Denkwürdigkeiten (Leipzig, 1824).
For the period following the consummation of the movement for independence, and through all the revolutionary changes, Bancroft's foot-notes still are the completest record of sources, and he occasionally masses his references, as in vol. v., pp. 67, 147, 249, 285, 344, etc.
The condition of Mexico since its independence was confirmed has been the subject of a few books of good character, which may supplement the story in Bancroft. Such are the Mexico of H. G. Ward (London, 1829), who was the representative of England in the capital in 1825-27; Brantz Mayer's Mexico as it was and as it is (Philad. 3d ed., 1847), Mr. Mayer having been the secretary of the American legation, 1841-42; the Die äusseren und inneren politischen Zustände der Republik von Mexico (Berlin, 1854, 1859) of Emil Karl Heinrich von Richthofen, at one time Prussian minister in Mexico, but he only slightingly follows the course of political events, giving rather a commentary on their results. The Méjico en 1842 of Luis Manuel del Rivero (Madrid, 1844) takes that date as a point to glance back over American history, not confining the survey, however, to the later period. The revolution which resulted temporarily in the placing of Maximilian on the throne produced, and was in part instigated by, sundry publications, which for those political ends ran over the course of Mexican independence.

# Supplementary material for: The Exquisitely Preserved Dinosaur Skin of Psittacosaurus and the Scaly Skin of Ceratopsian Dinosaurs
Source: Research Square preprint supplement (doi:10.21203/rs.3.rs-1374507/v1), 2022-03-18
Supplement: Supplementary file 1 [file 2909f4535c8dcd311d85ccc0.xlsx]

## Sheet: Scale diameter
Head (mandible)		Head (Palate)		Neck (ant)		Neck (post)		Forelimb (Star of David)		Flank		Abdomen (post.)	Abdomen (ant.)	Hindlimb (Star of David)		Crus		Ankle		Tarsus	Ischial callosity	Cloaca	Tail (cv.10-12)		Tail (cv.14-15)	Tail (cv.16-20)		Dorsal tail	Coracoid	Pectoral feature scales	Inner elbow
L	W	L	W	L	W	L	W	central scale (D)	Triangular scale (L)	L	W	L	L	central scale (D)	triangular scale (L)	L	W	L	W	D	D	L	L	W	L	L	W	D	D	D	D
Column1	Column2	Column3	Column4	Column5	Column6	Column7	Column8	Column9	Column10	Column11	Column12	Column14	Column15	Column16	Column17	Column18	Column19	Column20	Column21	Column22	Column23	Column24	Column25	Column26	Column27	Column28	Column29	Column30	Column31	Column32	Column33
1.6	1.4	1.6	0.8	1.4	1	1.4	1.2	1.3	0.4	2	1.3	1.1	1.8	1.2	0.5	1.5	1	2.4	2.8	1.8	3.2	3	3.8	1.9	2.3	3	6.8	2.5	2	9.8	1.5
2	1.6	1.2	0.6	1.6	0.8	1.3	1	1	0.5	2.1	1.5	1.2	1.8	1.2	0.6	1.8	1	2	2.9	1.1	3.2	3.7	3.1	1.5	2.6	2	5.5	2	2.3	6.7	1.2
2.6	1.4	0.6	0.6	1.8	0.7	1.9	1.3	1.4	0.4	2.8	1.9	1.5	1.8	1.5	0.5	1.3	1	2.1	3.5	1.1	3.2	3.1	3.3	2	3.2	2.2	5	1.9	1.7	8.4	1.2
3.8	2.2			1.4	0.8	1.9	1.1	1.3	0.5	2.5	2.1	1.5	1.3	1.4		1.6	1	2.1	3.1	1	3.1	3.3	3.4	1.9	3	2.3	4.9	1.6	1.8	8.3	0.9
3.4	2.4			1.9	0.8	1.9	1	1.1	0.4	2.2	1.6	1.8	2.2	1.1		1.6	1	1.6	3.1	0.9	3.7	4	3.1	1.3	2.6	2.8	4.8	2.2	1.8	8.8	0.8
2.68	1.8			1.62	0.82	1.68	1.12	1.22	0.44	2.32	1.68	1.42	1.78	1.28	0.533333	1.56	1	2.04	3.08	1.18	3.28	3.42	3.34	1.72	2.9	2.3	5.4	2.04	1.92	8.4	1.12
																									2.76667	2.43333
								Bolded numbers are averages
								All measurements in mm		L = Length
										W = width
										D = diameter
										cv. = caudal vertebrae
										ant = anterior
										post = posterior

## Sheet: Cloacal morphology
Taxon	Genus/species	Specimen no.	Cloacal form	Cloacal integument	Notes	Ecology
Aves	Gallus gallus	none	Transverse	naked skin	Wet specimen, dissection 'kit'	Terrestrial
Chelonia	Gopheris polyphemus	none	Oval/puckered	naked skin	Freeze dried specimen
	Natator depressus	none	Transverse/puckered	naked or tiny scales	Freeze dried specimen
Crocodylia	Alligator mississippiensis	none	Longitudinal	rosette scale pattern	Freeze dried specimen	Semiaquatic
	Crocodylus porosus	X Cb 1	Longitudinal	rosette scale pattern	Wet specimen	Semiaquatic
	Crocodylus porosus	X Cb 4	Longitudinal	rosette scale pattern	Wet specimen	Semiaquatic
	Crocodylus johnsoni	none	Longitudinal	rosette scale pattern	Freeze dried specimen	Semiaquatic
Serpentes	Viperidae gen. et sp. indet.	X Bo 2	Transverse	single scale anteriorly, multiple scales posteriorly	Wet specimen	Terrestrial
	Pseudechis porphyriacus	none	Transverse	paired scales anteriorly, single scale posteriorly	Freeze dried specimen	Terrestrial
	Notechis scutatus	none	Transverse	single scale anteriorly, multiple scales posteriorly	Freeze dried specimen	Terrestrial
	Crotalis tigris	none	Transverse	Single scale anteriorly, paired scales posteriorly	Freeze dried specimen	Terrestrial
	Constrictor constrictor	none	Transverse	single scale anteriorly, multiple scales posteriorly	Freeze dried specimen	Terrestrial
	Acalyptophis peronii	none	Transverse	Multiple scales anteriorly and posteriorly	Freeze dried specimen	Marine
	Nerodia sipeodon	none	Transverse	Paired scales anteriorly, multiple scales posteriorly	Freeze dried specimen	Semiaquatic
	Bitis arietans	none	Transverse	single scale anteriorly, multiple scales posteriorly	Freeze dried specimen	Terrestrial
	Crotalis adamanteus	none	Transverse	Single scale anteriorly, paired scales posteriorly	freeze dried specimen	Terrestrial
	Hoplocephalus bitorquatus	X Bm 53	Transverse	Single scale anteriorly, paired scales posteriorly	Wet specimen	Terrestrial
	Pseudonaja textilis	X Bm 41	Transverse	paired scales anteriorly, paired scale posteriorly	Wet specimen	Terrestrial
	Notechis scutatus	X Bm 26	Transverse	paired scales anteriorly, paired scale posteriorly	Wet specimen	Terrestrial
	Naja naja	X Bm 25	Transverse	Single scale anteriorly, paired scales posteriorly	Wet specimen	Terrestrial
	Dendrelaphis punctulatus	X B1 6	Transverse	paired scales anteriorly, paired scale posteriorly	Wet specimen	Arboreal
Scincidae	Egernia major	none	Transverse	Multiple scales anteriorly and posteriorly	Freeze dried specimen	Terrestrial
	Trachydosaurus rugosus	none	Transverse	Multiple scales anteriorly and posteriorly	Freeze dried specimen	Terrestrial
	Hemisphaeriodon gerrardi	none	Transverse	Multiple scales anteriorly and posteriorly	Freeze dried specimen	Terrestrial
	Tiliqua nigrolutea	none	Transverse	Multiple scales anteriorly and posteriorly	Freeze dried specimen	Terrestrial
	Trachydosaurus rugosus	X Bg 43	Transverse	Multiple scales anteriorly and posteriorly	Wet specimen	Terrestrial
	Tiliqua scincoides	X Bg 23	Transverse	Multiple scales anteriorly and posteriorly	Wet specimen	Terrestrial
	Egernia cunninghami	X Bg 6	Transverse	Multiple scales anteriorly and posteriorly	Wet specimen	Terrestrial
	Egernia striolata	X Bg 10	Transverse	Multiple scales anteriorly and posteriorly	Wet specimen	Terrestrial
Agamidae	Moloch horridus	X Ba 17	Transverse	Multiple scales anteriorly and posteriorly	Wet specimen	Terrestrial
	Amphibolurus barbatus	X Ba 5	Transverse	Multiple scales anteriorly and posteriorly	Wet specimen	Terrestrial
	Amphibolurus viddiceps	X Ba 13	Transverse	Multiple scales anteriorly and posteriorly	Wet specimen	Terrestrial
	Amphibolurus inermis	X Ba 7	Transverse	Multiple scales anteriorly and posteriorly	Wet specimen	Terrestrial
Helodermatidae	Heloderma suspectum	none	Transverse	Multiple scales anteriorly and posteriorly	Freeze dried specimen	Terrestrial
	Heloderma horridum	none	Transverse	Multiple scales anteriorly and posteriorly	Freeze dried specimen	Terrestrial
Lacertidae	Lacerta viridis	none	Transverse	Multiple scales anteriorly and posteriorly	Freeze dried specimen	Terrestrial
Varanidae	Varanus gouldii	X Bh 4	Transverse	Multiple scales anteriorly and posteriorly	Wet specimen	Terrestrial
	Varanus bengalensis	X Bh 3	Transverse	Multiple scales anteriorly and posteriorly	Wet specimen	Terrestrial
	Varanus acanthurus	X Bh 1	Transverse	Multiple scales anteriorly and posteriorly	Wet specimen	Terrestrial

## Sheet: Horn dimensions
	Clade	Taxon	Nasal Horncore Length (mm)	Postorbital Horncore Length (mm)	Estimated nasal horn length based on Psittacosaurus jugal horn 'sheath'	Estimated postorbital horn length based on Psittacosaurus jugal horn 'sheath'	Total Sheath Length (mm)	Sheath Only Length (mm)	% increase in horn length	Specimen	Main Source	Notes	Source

The period of the presidency of Anastacio Bustamante, from 1836 to the elevation of Santa Anna, is covered in a somewhat impetuous way in C. M. Bustamante's El Gabinete (Mexico, 1842).
The period of Santa Anna, with his ups and downs, is traversed in part (1821–1833) in Juan Suarez y Navarro's Historia de México y del General Santa Anna (Mexico, 1850),
the author being a partisan of that leader ; and C. M. Bustamante also specially treats a later period in his Apuntes para la historia del gobierno de Santa Anna, 1841-44.2